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8.110731 - SCHUMANN, Elisabeth: Schubert Lieder (1927-1945)
Elisabeth Schumann (1888-1952): Schubert Lieder
Schumanns voice was fresh as spring,
the personality warm as a summers day
The Grand Tradition: Seventy Years of Singing on Record,
Of the six hundred or so songs that Schubert composed during his short life, the selection included on this recital spans in time from Gretchen am Spinnrade of October 1814 to Der Hirt auf dem Felsen, completed just a month before his death, aged 31, in November 1828.
Schubert was among the most prodigious of musicians. His biographer, Otto Deutsch, catalogued almost a thousand separate works, all composed within a period of fifteen years, including masterpieces in orchestral, chamber and piano music, theatre and religious compositions; and, of course, many miniature masterpieces among the wealth of songs, which were considered by some of Schuberts contemporaries to be his greatest achievement. Later nineteenth century research led to the re-discovery of some of Schuberts symphonic, choral and instrumental works, many of which had remained unperformed for decades after his death, but the Lieder nevertheless remained prominent among his compositions. These songs have provided the basis for recitals by generations of classical singers, one of the most engaging of whom was Elisabeth Schumann.
Schumann, who claimed descent from the equally celebrated German soprano Henriette Sontag (1806-1854), is best remembered for her operatic career but she was always an enthusiastic Lieder singer, certainly encouraged by her collaboration with Richard Strauss on a concert tour of the United States in 1921. As the number of her operatic appearances diminished during the 1930s, so her reputation as a recital artist increased and she continued to sing much of this repertory until almost the end of her life.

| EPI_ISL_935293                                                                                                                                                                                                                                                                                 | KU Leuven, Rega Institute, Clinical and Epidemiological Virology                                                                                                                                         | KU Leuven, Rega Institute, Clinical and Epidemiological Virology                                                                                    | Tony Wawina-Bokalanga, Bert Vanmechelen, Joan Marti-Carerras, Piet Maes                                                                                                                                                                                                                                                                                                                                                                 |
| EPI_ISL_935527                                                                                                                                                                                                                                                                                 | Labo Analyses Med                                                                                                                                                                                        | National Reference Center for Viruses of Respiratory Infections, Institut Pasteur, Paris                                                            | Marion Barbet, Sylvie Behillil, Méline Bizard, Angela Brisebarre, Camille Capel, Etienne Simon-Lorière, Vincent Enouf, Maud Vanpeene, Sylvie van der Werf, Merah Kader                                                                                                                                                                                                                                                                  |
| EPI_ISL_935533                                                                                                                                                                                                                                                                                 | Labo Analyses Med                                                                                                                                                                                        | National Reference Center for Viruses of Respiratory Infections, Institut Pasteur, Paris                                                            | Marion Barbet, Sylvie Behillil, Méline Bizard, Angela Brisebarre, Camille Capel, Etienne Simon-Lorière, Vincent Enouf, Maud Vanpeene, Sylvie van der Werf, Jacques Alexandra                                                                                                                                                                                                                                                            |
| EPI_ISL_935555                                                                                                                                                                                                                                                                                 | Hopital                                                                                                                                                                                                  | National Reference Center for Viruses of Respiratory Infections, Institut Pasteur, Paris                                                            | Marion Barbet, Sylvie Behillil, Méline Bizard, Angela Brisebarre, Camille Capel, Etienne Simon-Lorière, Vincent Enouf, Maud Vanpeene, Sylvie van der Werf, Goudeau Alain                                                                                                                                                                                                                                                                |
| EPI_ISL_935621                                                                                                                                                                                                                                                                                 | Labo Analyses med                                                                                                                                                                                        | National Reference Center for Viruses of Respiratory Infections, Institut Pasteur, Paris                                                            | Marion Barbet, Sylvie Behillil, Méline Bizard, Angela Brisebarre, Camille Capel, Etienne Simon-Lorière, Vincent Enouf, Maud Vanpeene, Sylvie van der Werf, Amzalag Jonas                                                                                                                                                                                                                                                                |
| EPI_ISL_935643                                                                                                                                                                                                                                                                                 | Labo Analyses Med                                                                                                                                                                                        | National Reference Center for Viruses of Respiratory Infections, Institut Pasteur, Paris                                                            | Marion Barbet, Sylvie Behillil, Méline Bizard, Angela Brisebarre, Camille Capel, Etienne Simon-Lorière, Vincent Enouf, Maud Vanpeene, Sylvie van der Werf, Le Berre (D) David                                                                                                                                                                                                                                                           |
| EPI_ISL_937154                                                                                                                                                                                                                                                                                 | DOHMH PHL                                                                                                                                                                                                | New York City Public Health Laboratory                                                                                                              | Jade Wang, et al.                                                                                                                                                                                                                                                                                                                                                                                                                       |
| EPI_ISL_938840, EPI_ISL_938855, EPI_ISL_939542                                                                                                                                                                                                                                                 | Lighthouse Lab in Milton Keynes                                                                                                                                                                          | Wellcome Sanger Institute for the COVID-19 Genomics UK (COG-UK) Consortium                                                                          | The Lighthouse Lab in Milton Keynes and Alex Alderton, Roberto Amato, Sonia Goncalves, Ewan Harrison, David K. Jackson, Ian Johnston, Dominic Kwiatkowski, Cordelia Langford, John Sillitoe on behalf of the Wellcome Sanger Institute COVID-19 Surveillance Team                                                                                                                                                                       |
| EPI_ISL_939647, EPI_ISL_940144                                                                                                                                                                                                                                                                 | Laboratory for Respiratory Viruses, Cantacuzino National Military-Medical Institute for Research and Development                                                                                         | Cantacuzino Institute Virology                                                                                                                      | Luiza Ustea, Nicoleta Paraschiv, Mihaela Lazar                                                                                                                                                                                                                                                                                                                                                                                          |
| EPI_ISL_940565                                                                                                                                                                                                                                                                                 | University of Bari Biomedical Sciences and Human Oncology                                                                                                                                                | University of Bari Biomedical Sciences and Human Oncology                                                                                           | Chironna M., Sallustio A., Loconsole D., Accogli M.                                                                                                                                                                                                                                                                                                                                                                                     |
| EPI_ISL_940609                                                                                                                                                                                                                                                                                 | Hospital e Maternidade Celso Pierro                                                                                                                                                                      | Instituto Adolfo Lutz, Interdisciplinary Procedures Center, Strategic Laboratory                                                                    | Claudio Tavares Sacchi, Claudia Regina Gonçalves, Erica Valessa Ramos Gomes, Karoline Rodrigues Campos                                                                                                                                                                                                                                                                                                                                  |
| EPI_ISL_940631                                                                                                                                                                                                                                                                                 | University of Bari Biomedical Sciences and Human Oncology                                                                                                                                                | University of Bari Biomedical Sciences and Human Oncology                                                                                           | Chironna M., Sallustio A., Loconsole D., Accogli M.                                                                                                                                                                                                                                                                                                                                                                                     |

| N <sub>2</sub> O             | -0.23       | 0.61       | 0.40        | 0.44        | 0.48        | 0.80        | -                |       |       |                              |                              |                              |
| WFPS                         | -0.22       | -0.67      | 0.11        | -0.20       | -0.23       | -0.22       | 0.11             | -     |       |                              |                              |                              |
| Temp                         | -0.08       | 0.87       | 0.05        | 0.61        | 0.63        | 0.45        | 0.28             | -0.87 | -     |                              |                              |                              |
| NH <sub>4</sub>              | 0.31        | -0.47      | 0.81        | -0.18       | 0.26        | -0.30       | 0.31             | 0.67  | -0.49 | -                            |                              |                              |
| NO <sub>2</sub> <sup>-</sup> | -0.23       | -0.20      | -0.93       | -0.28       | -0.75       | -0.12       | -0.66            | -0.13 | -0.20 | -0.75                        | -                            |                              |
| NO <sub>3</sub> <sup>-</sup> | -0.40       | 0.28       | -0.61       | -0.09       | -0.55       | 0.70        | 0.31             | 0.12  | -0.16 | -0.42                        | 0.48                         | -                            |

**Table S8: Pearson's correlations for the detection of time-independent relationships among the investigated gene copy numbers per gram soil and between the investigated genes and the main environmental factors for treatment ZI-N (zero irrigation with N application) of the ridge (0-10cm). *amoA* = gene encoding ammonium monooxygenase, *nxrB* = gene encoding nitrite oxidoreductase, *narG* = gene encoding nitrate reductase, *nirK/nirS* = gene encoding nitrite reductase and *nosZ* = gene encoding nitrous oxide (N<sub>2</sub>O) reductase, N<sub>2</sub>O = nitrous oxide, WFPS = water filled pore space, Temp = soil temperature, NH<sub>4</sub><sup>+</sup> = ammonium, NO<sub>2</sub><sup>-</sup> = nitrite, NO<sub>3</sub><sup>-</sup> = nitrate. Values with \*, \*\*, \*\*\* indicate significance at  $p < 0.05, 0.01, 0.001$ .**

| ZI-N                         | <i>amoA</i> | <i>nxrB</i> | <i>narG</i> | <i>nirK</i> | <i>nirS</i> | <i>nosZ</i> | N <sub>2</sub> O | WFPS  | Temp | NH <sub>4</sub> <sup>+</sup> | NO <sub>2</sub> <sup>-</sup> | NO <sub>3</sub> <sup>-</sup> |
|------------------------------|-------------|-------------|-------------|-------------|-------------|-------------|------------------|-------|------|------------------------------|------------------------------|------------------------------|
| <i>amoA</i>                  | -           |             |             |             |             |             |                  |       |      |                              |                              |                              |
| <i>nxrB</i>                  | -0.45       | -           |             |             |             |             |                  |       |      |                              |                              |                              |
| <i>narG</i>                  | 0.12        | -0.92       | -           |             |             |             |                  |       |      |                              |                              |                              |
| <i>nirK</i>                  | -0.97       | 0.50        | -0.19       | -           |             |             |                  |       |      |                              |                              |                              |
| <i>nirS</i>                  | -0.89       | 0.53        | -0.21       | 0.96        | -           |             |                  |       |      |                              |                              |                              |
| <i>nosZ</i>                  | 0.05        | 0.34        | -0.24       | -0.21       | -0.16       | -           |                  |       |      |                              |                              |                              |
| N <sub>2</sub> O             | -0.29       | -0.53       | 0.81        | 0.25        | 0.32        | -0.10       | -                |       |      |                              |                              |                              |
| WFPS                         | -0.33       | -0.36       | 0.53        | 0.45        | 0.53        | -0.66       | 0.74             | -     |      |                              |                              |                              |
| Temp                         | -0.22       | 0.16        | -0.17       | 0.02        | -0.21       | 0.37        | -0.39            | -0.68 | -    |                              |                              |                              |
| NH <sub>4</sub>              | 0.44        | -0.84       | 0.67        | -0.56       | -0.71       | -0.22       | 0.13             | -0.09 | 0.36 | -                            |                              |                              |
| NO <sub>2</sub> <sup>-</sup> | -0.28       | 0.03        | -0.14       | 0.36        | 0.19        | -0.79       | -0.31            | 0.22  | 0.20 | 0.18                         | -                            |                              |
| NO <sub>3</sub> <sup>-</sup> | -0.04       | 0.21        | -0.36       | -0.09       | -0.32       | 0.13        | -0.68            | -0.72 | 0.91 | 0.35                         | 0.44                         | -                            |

Elisabeth Schumanns singing is frequently described as charming and therein lies, perhaps, a hint that it was technically imperfect, whilst still giving immense pleasure for its sheer exuberance and gift. The tone was light, bright, sometimes brittle, and yet Schumann was incomparable in her carefully chosen programmes of Mozart, Strauss, Robert Schumann and, particularly, Schubert. Elisabeth Schumann recorded many of his Lieder and this recital comprises 78rpm recordings made between November 1927 and September 1945 (Die Forelle was recorded a few days after her first post-war Proms appearance at the Royal Albert Hall in London).
From the earliest recording session represented here, Die Post opens the programme. The song, taken from the cycle Winterreise for which Schubert set 24 poems by Wilhelm Müller, tells of the arrival of the post coach. The opening accompaniment depicts the horn and the galloping horses as they pass by, a typically nineteenth century scene. Incidentally, the common practice of recording two songs on one side of a 78rpm record was employed here (and for a further twelve items here included); Die Post shares a side with Wohin?, a setting of another poem by Müller. Composed in the same year, 1827, Das Lied im Grünen is a masterly example of the light and shade that Schumann brings to these songs. Hear how she varies the weight of the repeated phrase im Grünen (in the verdant countryside) as the words tumble out in the cheeriest of moods at an extremely brisk tempo. Schumann revels in this joyfulness and the spontaneity of her performances makes each repetition seem freshly conceived.
Of the more contemplative songs, An die Musik, composed in 1817, does not fail to cast its spell, but betrays a certain frailty one feels that the vocal strength is stretched almost to its limits; elsewhere, a tendency to scoop is evident, a habit more familiar (perhaps more agreeable) to audiences of the 1930s than those of seventy years later. A wonderfully inward Du bist die Ruh (of 1823) illustrates the singers versatility, for there could be no greater contrast in execution than with, say, the dancing Der Musensohn, composed the previous year; and so on, through Lieder both well known and less familiar, of many moods and expressions of feeling. Elisabeth Schumann was loved for her warmth, humanity and, of course, charm, qualities found abundantly in this endearing collection of some of Schuberts finest songs.